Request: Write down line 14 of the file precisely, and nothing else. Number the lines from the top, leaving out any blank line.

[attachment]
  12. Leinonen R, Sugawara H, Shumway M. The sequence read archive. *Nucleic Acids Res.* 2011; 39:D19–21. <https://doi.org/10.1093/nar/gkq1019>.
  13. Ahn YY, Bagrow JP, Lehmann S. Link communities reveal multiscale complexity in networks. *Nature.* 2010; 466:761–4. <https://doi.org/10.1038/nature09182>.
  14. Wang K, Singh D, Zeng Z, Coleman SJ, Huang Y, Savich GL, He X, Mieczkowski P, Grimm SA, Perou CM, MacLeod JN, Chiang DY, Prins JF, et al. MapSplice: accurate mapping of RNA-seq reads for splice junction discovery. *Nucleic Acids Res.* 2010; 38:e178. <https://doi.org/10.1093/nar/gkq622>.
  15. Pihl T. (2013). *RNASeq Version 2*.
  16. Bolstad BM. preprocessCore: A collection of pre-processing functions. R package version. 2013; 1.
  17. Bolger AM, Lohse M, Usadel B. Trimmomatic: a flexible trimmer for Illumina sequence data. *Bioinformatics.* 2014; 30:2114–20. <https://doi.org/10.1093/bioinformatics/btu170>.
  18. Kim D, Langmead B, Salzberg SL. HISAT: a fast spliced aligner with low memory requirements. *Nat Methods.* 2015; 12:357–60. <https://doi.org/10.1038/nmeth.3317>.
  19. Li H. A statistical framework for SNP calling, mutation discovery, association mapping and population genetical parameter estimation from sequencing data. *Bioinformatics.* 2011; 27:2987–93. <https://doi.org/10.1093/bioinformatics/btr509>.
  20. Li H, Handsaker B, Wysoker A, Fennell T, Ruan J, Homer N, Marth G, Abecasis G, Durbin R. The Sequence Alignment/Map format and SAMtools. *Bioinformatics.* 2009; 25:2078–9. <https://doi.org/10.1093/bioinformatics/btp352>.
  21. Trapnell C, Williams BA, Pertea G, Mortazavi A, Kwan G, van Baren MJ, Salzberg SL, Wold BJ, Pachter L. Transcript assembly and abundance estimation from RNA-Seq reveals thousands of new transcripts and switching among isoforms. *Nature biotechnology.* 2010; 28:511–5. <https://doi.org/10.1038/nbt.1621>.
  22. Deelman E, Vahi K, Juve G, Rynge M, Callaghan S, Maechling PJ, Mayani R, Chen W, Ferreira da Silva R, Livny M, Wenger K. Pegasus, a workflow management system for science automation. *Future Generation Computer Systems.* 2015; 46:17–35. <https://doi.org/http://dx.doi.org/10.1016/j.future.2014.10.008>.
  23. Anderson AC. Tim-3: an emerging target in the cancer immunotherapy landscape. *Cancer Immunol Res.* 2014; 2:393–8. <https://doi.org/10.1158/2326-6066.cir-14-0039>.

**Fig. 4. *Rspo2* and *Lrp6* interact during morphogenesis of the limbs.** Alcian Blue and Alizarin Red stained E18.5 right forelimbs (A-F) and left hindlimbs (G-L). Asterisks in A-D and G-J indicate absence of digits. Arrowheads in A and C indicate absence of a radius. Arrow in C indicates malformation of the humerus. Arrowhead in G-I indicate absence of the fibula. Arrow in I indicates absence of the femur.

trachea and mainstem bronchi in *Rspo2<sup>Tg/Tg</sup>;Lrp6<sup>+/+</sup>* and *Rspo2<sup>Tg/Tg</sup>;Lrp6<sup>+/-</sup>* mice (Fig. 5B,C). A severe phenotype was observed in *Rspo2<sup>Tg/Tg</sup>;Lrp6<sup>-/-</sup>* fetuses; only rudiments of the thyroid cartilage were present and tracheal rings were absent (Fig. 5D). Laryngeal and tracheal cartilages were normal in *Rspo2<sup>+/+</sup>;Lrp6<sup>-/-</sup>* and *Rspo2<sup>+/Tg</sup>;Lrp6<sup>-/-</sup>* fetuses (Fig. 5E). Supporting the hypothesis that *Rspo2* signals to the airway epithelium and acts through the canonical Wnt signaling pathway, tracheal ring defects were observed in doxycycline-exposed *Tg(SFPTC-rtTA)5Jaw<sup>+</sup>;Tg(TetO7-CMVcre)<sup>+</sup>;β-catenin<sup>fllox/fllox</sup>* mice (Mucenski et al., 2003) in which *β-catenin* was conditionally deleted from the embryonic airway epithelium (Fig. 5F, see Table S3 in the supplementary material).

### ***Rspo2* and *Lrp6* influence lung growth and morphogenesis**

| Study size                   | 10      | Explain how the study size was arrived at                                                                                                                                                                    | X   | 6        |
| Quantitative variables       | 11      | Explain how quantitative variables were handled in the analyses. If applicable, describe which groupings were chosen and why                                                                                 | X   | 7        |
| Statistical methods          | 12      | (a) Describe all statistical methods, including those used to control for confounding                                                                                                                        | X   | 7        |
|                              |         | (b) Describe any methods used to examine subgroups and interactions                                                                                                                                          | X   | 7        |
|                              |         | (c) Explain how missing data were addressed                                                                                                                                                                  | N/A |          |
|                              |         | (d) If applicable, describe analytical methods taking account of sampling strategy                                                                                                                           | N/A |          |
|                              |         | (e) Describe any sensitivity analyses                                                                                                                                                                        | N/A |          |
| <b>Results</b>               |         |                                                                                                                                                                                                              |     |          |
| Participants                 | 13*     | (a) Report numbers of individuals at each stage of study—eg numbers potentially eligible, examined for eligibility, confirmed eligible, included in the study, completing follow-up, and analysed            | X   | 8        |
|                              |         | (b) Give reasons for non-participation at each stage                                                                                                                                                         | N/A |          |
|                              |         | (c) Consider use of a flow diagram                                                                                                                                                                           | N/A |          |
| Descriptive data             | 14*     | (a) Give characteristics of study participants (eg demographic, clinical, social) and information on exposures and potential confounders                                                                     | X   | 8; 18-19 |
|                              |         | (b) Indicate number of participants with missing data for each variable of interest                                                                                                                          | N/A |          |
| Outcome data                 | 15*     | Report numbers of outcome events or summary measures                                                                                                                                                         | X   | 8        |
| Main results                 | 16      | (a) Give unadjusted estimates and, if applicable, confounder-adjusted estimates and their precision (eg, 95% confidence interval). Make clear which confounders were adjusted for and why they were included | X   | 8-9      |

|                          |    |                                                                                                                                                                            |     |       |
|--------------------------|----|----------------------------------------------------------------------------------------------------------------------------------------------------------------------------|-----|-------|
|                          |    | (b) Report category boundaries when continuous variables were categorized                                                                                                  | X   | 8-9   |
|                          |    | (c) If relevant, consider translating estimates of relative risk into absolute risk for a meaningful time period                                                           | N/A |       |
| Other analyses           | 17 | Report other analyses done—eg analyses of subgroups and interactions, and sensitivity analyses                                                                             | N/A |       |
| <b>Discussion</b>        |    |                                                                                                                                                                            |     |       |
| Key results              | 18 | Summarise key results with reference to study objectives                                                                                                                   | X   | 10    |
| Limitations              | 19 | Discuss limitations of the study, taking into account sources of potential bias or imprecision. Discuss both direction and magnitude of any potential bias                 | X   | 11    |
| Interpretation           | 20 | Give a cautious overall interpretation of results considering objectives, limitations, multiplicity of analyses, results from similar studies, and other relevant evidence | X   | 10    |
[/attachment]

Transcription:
trachea and mainstem bronchi in *Rspo2<sup>Tg/Tg</sup>;Lrp6<sup>+/+</sup>* and *Rspo2<sup>Tg/Tg</sup>;Lrp6<sup>+/-</sup>* mice (Fig. 5B,C). A severe phenotype was observed in *Rspo2<sup>Tg/Tg</sup>;Lrp6<sup>-/-</sup>* fetuses; only rudiments of the thyroid cartilage were present and tracheal rings were absent (Fig. 5D). Laryngeal and tracheal cartilages were normal in *Rspo2<sup>+/+</sup>;Lrp6<sup>-/-</sup>* and *Rspo2<sup>+/Tg</sup>;Lrp6<sup>-/-</sup>* fetuses (Fig. 5E). Supporting the hypothesis that *Rspo2* signals to the airway epithelium and acts through the canonical Wnt signaling pathway, tracheal ring defects were observed in doxycycline-exposed *Tg(SFPTC-rtTA)5Jaw<sup>+</sup>;Tg(TetO7-CMVcre)<sup>+</sup>;β-catenin<sup>fllox/fllox</sup>* mice (Mucenski et al., 2003) in which *β-catenin* was conditionally deleted from the embryonic airway epithelium (Fig. 5F, see Table S3 in the supplementary material).